DECEMBER 4 ― I remembered a patient of mine ― Mr A.
A seasoned drug user with HIV who came in and out of the hospital for various lung and brain infections. He would also appear around festive seasons, or be brought in by the police after a raid, or after he had asked enough people for change to “balik kampung.”
The first time I met Mr A, he had used most of his veins to inject heroin in. He had used even the small ones you would find between your fingers and behind the ankles. Veins, once punctured ― they harden. And once hardened, blood doesn’t flow through anymore.
Yes, even when you stick a needle in, and yes ― no matter how big the needle is.
I spent many mornings with him looking for a functional vein. When the nurses and other housemen had given up. Or when they pretend to be, well, extra busy arranging empty bed pans in the store.
If I was lucky, I'd find veins that he had missed before. Usually very small, those hidden between creases and joints. But it got tougher with each discharge because he would use the same vein to inject drugs after leaving the hospital.
I didn’t mind much because he was a great help. He would start looking for one on his hands while I started with his foot.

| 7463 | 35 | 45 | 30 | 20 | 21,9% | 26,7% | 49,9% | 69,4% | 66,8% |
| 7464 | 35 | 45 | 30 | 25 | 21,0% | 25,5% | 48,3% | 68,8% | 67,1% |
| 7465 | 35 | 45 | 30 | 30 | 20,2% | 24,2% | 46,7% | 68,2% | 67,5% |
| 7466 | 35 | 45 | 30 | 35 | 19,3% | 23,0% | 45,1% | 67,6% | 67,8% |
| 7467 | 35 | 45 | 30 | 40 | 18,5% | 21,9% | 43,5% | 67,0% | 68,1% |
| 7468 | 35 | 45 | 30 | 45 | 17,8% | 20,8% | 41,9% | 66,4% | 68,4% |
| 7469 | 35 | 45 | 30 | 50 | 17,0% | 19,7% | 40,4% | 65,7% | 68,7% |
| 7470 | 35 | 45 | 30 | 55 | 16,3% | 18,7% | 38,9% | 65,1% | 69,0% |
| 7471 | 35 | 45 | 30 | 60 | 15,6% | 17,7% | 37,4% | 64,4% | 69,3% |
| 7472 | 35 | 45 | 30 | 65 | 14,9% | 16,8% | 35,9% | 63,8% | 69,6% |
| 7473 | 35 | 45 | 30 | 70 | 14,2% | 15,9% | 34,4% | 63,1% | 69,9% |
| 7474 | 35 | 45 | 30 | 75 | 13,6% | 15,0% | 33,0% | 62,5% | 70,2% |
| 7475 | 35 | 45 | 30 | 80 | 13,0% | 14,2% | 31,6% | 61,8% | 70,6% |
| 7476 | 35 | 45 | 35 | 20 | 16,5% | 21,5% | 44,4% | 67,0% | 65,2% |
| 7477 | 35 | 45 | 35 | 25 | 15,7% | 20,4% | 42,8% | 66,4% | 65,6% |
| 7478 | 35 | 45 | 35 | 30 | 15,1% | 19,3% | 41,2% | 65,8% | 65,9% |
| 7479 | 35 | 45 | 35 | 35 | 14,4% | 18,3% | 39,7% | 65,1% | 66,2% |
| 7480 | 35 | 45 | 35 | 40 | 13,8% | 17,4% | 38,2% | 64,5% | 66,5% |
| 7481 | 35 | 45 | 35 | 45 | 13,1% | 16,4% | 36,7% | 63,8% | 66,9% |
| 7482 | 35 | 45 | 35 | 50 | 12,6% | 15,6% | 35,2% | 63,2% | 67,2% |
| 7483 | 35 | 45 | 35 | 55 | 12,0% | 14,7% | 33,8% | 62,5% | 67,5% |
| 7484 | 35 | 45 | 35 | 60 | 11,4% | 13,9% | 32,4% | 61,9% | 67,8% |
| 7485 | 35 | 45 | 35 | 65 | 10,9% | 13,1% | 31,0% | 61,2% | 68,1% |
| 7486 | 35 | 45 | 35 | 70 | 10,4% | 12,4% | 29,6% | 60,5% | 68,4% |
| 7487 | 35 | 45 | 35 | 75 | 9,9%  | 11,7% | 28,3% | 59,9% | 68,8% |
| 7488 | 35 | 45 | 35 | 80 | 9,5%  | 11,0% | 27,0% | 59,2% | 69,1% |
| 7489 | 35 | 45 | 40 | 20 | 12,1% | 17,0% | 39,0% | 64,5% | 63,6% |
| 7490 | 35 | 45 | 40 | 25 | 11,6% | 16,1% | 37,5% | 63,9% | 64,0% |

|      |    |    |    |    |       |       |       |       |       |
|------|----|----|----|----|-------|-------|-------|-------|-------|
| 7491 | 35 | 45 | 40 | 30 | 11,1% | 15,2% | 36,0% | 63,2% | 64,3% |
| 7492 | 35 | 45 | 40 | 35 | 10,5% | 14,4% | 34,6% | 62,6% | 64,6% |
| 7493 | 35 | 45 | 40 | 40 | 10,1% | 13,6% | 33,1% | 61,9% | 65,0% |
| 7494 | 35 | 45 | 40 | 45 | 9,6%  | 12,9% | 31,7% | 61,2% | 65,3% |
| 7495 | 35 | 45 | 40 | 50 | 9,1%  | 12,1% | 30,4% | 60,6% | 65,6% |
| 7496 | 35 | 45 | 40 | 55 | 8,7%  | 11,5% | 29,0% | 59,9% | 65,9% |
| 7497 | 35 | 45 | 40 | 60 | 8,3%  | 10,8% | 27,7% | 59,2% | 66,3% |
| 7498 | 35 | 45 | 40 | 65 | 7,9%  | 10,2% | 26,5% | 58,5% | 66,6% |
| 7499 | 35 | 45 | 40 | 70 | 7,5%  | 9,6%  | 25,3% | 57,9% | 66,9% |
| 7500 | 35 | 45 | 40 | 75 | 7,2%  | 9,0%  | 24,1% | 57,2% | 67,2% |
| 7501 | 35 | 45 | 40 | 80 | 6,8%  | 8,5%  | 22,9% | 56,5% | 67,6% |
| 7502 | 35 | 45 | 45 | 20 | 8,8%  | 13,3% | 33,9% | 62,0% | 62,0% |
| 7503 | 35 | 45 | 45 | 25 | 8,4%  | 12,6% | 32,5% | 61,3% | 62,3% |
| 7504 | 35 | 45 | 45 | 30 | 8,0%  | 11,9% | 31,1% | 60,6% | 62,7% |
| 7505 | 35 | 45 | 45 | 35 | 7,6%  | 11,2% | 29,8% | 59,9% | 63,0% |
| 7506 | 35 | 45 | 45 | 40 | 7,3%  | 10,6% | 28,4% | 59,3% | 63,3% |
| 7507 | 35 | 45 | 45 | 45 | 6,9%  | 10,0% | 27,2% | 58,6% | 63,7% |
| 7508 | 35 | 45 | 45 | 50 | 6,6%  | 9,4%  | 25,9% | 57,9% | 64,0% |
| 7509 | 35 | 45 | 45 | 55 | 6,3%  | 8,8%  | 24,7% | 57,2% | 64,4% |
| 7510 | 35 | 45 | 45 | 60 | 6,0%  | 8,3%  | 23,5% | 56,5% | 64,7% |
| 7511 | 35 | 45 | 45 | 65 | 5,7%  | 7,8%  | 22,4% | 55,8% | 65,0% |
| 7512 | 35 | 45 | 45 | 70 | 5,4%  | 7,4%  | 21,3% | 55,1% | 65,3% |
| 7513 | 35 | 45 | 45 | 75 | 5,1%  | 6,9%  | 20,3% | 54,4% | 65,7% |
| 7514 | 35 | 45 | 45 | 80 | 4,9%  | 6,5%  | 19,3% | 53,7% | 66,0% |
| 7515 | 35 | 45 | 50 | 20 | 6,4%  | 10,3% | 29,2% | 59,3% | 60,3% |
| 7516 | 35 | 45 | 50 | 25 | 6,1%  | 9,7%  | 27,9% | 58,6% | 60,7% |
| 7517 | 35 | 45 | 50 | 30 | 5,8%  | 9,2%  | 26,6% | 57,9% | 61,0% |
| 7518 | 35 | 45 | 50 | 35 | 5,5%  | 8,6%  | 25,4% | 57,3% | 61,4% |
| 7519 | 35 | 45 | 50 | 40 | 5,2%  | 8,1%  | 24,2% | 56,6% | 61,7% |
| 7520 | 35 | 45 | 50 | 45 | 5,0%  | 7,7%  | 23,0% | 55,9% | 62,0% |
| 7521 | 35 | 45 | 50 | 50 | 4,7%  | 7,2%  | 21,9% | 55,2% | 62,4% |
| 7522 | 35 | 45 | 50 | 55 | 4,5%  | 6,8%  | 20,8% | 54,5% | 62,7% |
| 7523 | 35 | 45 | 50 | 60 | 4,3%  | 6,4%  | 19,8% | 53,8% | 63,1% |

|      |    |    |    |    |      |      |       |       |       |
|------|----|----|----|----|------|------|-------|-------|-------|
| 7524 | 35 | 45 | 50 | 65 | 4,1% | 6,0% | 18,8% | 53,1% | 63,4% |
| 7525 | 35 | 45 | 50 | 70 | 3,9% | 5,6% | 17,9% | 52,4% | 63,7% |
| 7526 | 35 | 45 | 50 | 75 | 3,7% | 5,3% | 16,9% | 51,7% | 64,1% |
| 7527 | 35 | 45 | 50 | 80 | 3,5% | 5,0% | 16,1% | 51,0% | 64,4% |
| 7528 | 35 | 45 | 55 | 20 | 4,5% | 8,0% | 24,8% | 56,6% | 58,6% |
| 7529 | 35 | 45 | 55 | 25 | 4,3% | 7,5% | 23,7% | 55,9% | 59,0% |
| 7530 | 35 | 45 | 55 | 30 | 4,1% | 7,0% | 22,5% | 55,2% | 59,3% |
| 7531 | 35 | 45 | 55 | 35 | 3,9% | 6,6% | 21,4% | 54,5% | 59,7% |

And when we both agreed there were none to be found, he would offer me his neck or thigh to draw blood from.
I remember him because he was one of the few who spoke about his family. How embarrassment kept him away from home, and their fear of him infecting them kept them at bay.
I remember him because he made me realise that being a drug addict is less embarrassing than having HIV. Though eye opening, it wasn’t unique but a common theme among similar patients in the hospital.
He died from a terrible infection the same year I met him.
And despite the stories he told me about his family, nobody came. To wheel him out from the ward when he was alive, nor to collect him in death.
I am reminded of him as the world celebrated World AIDS Day recently. And it pains me because it wasn’t the lack of treatment that robbed him of life ― but the stigma that society, in this day and age, still associates with HIV.
On the medical front, we’ve made great strides in the treatment of HIV.
From newer and better drugs with lesser side effects, to their ability to increase the life expectancy of HIV patients by a decade.
But the war on HIV and AIDS goes beyond good medication and treatment, there is also the need to address stigma and discrimination associated with HIV. Underscoring its importance was the report by UNAIDS in 2014 that cited stigma and discrimination as the main reason behind patients’ reluctance to get tested, to disclose their HIV status so they can be treated.
The reluctance to take a HIV test means late diagnosis and delay in treatment. A delay in treatment means one that is less effective, including missed opportunities for behavioural prevention which translates into higher possibilities of infecting others in the community, and even an early death.
Which makes combatting the stigma equally, if not more if not more important than the treatment itself.
* December 1 was World AIDS Day. We need to remind each other that being infected with HIV isn’t a crime, but the discrimination is.
** This is the personal opinion of the columnist.